The Green Bay Packers do a lot of things well, on and off the field, too many to list here. One thing they don’t do well is defend the run. Their numbers from last season show that they gave up 111.8 rushing yards per game, 14th in the league, a figure that’s acceptable when Aaron Rodgers is your quarterback.
However, that YPG average hides a more telling statistic. They allowed 4.7 yards per rushing attempt, 26th in the NFL, and through two games this season, they’re worse.
The Packers are yielding a mighty 140 rushing yards per game (27th) at 5.1 yards per attempt (30th), placing them above only the Bengals and Rams in the latter category.
As we’re all well aware, Seattle wants to run the football, hard. They want to punish the other team and even Golden Tate personified that attitude last Sunday when he laid THAT block on Sean Lee, helping Russell Wilson to a first down. He should’ve been flagged for the hit under the current rules, which is why these replacement officials need to be replaced themselves, but that’s another argument for another site.
We got away with one there, but it’s a hit that’s reverberated around the league all week and will be fresh in the memory of every home fan attending the game on Monday night and when Wilson is forced to leave the pocket, not only will we be watching him, some of us will also have an eye out for the next crushing (hopefully legal) block. The broader point I’m making is that the Seahawks crowd would be in this one anyway. When they’re still pumped at the Tate hit and are ‘welcoming’ Rodgers and a franchise such as this, there will be times in the game when the Packers won’t believe they’re in a football stadium. Just look around you, fellas, you won’t experience this very often.
While Seattle can boast rushing for an average of 148.5 yards over the first two games (7th), the yards per carry of 4.0 doesn’t pierce the top 10 (12th), but that won’t necessarily be at the forefront of the minds of the Packers D. No, they’ll know that in the second half alone against Dallas last week, Marshawn Lynch ran for 104 yards as the Seahawks went on drives of 90 and 88 yards as they pounded the Cowboys into the CenturyLink turf; Tate was merely getting some of that action for himself, too.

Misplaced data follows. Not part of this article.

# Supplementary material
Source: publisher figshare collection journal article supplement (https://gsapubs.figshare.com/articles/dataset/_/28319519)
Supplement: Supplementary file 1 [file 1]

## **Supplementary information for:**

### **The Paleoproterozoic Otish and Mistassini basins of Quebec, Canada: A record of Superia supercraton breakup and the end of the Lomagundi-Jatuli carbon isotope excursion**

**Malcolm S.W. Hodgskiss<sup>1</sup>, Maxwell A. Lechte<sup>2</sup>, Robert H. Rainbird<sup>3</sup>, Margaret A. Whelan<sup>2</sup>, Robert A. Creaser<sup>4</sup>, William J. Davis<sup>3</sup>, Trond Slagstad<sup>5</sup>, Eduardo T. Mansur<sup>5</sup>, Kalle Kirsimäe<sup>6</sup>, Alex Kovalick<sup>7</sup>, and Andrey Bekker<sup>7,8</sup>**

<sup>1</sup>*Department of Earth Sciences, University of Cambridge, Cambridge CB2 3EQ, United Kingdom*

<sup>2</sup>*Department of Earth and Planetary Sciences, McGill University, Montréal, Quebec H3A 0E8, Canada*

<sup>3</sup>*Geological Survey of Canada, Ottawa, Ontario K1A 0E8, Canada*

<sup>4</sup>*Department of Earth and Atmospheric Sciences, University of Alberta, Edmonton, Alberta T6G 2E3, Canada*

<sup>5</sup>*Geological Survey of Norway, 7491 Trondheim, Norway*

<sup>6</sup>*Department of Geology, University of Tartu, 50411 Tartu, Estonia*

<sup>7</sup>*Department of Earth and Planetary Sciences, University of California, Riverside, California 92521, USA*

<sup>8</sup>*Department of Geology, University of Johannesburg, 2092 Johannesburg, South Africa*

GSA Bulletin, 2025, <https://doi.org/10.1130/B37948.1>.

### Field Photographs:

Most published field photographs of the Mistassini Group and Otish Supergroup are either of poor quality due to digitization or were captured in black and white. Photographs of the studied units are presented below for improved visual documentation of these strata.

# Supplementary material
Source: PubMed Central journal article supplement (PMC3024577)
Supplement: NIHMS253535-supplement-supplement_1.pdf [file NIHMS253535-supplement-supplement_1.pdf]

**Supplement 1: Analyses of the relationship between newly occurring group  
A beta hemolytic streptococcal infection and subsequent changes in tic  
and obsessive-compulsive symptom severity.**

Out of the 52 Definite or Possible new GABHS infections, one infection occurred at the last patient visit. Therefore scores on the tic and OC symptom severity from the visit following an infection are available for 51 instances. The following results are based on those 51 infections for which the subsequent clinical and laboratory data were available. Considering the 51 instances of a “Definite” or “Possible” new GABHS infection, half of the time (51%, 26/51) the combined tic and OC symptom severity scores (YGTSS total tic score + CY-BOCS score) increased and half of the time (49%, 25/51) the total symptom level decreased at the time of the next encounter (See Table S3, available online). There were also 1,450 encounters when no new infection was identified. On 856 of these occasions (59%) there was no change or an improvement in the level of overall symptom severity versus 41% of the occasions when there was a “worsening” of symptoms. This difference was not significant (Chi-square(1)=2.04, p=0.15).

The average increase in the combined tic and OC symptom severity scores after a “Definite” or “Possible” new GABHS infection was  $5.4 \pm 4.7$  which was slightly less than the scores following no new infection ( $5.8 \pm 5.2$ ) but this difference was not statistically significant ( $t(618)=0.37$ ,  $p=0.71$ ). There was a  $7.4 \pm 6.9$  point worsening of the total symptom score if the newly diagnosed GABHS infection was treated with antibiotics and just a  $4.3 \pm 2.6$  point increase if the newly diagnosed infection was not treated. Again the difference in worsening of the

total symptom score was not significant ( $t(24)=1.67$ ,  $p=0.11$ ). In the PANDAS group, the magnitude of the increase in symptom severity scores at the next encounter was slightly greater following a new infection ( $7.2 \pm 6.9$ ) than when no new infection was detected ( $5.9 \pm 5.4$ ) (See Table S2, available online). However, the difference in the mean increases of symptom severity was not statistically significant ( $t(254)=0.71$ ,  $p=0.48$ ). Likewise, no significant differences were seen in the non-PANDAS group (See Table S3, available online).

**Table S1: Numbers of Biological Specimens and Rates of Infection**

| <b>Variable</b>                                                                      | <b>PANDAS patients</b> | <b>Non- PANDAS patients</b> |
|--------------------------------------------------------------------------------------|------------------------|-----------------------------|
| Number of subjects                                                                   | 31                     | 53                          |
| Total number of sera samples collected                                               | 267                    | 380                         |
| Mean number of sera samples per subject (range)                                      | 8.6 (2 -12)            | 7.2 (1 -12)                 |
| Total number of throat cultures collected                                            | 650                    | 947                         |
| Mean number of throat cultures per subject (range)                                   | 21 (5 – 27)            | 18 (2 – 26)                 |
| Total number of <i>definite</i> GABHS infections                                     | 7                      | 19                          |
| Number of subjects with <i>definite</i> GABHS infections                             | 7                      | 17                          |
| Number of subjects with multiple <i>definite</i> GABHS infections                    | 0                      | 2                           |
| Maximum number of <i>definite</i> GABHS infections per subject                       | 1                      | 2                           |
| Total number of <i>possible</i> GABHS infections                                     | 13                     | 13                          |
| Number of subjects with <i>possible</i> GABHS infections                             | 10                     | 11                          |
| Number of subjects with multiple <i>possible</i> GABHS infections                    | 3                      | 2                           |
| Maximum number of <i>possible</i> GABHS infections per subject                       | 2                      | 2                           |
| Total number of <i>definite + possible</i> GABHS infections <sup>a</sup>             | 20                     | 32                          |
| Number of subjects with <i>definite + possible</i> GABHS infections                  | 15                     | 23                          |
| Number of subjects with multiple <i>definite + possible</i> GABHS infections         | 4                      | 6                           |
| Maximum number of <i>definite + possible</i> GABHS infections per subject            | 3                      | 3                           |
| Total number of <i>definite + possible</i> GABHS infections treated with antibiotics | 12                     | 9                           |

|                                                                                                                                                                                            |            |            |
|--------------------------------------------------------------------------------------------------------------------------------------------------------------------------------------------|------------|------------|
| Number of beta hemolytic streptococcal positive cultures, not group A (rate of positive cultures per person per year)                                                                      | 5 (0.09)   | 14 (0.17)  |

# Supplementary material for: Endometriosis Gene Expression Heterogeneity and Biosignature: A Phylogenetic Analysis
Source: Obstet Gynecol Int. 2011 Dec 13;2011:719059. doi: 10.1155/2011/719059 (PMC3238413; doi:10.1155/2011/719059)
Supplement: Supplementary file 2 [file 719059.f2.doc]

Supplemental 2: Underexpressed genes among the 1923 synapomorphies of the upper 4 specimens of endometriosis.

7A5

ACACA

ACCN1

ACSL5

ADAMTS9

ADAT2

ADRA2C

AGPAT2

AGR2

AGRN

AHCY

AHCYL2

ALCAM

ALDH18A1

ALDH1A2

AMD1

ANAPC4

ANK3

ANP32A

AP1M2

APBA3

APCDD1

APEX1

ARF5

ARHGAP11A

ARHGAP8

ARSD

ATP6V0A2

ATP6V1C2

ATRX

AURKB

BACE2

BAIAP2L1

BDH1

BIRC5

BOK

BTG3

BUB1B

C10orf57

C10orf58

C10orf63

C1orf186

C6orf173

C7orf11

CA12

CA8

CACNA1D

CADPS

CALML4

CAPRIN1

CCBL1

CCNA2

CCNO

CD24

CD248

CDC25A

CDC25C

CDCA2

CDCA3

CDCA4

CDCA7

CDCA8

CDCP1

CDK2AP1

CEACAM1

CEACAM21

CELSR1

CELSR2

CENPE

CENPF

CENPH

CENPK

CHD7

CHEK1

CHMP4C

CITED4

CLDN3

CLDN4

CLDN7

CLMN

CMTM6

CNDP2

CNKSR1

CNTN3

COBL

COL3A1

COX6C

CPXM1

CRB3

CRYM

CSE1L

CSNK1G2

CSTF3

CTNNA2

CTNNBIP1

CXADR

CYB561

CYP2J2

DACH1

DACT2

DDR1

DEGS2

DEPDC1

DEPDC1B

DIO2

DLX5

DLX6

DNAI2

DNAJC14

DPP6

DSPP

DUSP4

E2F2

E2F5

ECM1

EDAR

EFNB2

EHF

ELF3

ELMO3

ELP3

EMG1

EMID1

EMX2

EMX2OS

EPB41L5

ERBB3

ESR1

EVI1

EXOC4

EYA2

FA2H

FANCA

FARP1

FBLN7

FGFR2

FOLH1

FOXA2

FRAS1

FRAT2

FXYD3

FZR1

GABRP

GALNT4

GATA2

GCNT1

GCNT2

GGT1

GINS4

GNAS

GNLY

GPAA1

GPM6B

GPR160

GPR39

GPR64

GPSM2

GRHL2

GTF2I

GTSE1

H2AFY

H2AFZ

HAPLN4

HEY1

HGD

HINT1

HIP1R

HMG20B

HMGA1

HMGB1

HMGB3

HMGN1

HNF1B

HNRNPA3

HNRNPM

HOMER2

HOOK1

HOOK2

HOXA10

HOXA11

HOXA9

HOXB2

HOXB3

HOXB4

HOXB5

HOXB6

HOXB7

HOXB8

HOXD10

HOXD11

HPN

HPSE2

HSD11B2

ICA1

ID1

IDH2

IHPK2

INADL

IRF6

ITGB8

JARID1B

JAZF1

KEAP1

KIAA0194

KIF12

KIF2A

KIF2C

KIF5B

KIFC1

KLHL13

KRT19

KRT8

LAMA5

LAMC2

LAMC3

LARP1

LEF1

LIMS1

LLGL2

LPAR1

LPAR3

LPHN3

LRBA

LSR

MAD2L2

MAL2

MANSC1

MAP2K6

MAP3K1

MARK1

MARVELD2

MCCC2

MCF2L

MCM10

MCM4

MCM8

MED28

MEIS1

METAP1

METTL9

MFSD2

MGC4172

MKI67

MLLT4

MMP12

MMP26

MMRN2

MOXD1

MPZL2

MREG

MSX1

If the Seahawks are to cover the spread, both the running game and the crowd will need to be major contributing factors. Seattle can be backed +3.5 while those wishing to back the Pack can have them -3. It’s right that there’s not really any disparity in the lines available as a strong case can be made for the Seahawks to win this one straight up.
Greg Jennings is officially listed as questionable for Green Bay, but I think it’s fair to rate him as probable as he “looked good today (Saturday)” according to coach Mike McCarthy. Although he missed the mauling dished out to the Bears last week, Jennings wasn’t missed at all as the Packers’ defense did most of the hard work. This was a unit riled and motivated to the hilt with the “good luck” wishes of Jay Cutler ringing in their ears and they shoved those words straight back down his throat...and then some.
Cutler’s a loose cannon and the Seahawks haven’t reverted to such bone-headed displays of foolery this week, a good thing really.
Clay Matthews has six sacks over two games and he can be expected to wreak similar havoc on Monday, but Seattle’s offensive line devalued DeMarcus Ware’s output to almost non-existent last Sunday so it’s not as though they won’t know what to expect this week.
As stout as Seattle is defensively while also being able to rely on a brutal pairing at running back, particularly as the game wears on, they rank dead last in passing offense...yes lower even than Jacksonville. However, this actually isn’t a problem and nobody in the Pacific Northwest is anywhere close to hitting the panic button.
Using Jacksonville as an example, Blaine Gabbert’s problems at quarterback are well documented and his every mistake is dissected at length. Well, some used to do that. Many have now given up on him and think the Jaguars should be thinking of replacing him in 2013.
Wilson is a different proposition in Seattle. He shows remarkable poise for a rookie, is a leader of men and possesses an attention to detail that rivals Peyton Manning. In fact, for everything you need to know on this remarkable young man, all you need do is read Elizabeth Merrill’s article on Wilson on espn.com. It makes for astonishing reading and I’ve rarely read anything as insightful on a football player.
Having read it, you realise we’re in very safe hands in Seattle and drafting him was a masterstroke.I seriously underestimated the Seahawks last week and won’t be doing the same this week. In addition to the Seahawks being able to run the ball on the Packers and the effect of the ‘12th Man’ on a Monday night, this is also Green Bay’s first road game of the season and anything San Francisco were able to do on opening weekend, Seattle can do this week.